Hands up if you’ve ever been ill and you’ve immediately Googled your symptoms? Don’t worry because you’re not alone.

I qualified as a doctor in 2000 and became a GP in 2004. If I had £1 every time a patient typed their symptoms into a search engine I could fix the NHS’s financial black hole in a stroke.

The problem is when patients Google their symptoms, it gives them the worst case scenario rather than the most likely cause. Got a headache? Type in the symptoms and the computer will tell you it’s a brain tumour.

Got a cough or a minor chest infection? Insert the symptoms into Google and it will probably tell you it’s lung cancer.

Matt Orr

Matt Orr

What this demonstrates is that there’s an appetite for self-diagnosis. People will always use technology to try and identify the cause of their illness. This in turns causes extra anxiety and stress and makes the problem worse.

However this trend for consulting Google before you see a doctor highlights a deeper point. Just imagine if instead of inserting your symptoms into a search engine you shared them with a bot, which used artificial intelligence to filter them before you went to see a GP.

The current system is such that if a patient presents with a chest infection I’ll ask a series of questions.

Are you short of breath? Have you coughed up any blood? What colour is your sputum? Have you experienced any chest pain? How long has it been going on? Do you smoke?

If another patient presents with a chest infection you’d probably ask exactly the same questions. Remember GPs only have 10 minutes to see a patient and make a diagnosis.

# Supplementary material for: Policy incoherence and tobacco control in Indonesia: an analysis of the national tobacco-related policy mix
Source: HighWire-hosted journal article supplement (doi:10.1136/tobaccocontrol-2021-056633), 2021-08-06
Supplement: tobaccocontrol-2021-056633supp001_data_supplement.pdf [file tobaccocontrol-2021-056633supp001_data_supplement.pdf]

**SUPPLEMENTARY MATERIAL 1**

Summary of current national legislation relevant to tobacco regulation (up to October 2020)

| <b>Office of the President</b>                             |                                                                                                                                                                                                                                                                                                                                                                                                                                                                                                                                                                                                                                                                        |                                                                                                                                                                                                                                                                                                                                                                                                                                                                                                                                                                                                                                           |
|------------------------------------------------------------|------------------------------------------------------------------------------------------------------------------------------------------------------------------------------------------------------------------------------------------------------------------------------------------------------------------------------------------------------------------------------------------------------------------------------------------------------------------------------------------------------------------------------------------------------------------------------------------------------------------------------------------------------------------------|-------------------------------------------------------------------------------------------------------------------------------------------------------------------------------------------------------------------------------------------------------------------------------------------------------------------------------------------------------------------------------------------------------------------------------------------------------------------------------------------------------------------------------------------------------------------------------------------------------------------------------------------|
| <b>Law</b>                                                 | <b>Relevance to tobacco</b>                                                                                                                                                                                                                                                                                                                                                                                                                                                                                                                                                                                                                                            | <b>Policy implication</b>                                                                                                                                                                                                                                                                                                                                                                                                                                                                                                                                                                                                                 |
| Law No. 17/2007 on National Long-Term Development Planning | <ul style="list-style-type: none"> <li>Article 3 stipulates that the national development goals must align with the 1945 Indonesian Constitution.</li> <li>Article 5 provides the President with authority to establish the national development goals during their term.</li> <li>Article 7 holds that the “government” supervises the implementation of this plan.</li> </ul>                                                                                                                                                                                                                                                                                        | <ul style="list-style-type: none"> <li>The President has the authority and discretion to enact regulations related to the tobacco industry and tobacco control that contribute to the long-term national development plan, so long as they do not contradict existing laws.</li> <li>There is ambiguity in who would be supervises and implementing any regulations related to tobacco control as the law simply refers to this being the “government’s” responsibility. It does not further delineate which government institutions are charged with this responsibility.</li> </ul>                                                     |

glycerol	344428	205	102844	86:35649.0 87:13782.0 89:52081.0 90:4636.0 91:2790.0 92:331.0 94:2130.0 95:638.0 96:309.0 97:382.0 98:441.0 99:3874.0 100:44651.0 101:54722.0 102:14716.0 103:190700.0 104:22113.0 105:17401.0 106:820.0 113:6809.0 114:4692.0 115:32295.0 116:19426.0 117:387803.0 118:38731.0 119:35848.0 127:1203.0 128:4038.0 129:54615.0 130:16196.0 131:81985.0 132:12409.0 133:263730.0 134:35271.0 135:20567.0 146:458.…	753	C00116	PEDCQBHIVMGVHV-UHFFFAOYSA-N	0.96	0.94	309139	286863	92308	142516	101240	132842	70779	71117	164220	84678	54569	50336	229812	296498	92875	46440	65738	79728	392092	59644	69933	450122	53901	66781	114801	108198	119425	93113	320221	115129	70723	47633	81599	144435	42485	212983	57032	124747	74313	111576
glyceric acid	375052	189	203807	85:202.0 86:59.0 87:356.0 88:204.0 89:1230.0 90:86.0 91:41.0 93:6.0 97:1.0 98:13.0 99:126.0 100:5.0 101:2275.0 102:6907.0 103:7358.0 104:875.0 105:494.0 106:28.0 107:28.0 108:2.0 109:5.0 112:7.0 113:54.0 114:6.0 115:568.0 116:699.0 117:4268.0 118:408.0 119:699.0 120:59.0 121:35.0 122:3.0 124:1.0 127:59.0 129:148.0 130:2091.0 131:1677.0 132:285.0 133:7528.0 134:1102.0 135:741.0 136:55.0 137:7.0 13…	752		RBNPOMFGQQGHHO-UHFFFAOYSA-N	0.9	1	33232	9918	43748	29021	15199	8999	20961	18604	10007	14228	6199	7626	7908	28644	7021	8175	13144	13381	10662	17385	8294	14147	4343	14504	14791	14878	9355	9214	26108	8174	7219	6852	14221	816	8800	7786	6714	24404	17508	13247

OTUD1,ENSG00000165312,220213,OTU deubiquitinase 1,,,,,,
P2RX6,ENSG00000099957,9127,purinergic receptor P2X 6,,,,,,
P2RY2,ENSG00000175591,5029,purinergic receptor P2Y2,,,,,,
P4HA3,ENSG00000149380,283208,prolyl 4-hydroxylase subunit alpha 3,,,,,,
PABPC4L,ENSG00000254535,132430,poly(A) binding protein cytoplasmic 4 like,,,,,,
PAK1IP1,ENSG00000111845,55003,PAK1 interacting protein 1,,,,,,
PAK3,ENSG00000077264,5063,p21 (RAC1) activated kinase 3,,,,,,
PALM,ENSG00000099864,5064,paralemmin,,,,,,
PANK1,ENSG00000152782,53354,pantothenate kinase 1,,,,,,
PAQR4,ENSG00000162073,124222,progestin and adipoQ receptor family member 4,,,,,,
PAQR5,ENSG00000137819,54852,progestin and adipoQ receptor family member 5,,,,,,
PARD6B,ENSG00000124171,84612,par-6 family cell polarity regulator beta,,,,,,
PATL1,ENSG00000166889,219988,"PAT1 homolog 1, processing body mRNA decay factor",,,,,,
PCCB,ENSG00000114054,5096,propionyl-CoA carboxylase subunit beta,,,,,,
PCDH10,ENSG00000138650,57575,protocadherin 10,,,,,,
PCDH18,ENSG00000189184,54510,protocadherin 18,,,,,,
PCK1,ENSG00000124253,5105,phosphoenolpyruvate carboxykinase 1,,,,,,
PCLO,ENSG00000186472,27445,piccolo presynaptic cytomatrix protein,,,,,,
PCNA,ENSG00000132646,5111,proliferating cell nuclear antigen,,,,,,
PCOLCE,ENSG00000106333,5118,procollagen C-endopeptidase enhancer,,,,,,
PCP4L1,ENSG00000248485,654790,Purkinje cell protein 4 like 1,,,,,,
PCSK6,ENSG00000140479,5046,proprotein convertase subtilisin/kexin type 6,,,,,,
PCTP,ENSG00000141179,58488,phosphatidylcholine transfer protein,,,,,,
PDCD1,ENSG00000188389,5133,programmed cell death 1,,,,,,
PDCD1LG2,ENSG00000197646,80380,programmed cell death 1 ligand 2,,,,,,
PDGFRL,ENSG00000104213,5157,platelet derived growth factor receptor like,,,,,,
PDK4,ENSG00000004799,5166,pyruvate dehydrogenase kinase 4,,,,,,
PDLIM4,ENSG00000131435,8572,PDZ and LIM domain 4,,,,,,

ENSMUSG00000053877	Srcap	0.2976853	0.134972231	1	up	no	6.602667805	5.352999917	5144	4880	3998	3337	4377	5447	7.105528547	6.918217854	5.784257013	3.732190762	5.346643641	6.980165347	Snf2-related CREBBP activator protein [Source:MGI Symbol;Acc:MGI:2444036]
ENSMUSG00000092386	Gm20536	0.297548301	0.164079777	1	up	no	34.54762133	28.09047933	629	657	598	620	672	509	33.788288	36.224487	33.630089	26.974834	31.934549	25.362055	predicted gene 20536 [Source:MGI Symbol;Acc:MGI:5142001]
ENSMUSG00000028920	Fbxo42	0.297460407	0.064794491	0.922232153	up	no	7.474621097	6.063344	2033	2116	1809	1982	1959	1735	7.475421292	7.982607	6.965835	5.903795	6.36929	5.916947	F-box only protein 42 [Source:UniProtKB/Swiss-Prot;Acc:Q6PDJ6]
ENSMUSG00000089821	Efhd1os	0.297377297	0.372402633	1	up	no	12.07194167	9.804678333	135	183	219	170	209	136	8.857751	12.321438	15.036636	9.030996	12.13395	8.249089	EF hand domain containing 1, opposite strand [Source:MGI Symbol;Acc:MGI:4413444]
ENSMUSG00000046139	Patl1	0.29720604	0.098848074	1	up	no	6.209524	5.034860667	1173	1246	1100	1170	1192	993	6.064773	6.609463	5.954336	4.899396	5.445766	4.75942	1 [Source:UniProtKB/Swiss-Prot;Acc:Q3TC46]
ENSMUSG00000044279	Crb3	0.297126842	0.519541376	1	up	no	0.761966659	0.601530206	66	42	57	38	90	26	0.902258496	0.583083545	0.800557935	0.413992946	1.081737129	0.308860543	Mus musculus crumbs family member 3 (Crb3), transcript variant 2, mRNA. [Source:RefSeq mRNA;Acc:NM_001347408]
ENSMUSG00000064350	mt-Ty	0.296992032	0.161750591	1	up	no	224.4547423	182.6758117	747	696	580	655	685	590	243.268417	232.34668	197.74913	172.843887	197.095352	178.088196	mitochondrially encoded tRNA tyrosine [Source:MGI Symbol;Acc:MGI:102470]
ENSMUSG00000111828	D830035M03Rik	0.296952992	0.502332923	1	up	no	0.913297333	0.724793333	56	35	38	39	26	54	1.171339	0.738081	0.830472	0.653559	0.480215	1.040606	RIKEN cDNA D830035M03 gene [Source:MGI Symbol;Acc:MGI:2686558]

In the future patients will probably fill in a questionnaire online before seeing a doctor or speak to a bot. They could ask you all the questions I am going to ask, even access your records, and then all we would need to do is examine the patient or do the necessary treatment.

The GP is looking for red flag in order to make a more accurate diagnosis

It seems daft to spend your whole time asking questions when you could be examining the patient or discussing the treatment, which is the bit that they really need.

Opponents will say this makes GPs less personal but I would argue that ticking a load of boxes from routine questions is less important than coming up with a shared plan to make the patient better.

Doctors are under pressure because there aren’t enough of them so we need to find a way to help them do their job better and technology is the answer.

We won’t stop people Googling their systems but there’s a better to use technology to improve patient outcomes.

Can tech save the NHS?

BusinessCloud has joined forces with Dr Orr on holding a confernence on June 6th entitled ‘Can tech save the NHS?’ It takes place at Chorley Town Hall.

To register go to https://www.businesscloud.co.uk/events/2019-06-06-can-technology-save-the-nhs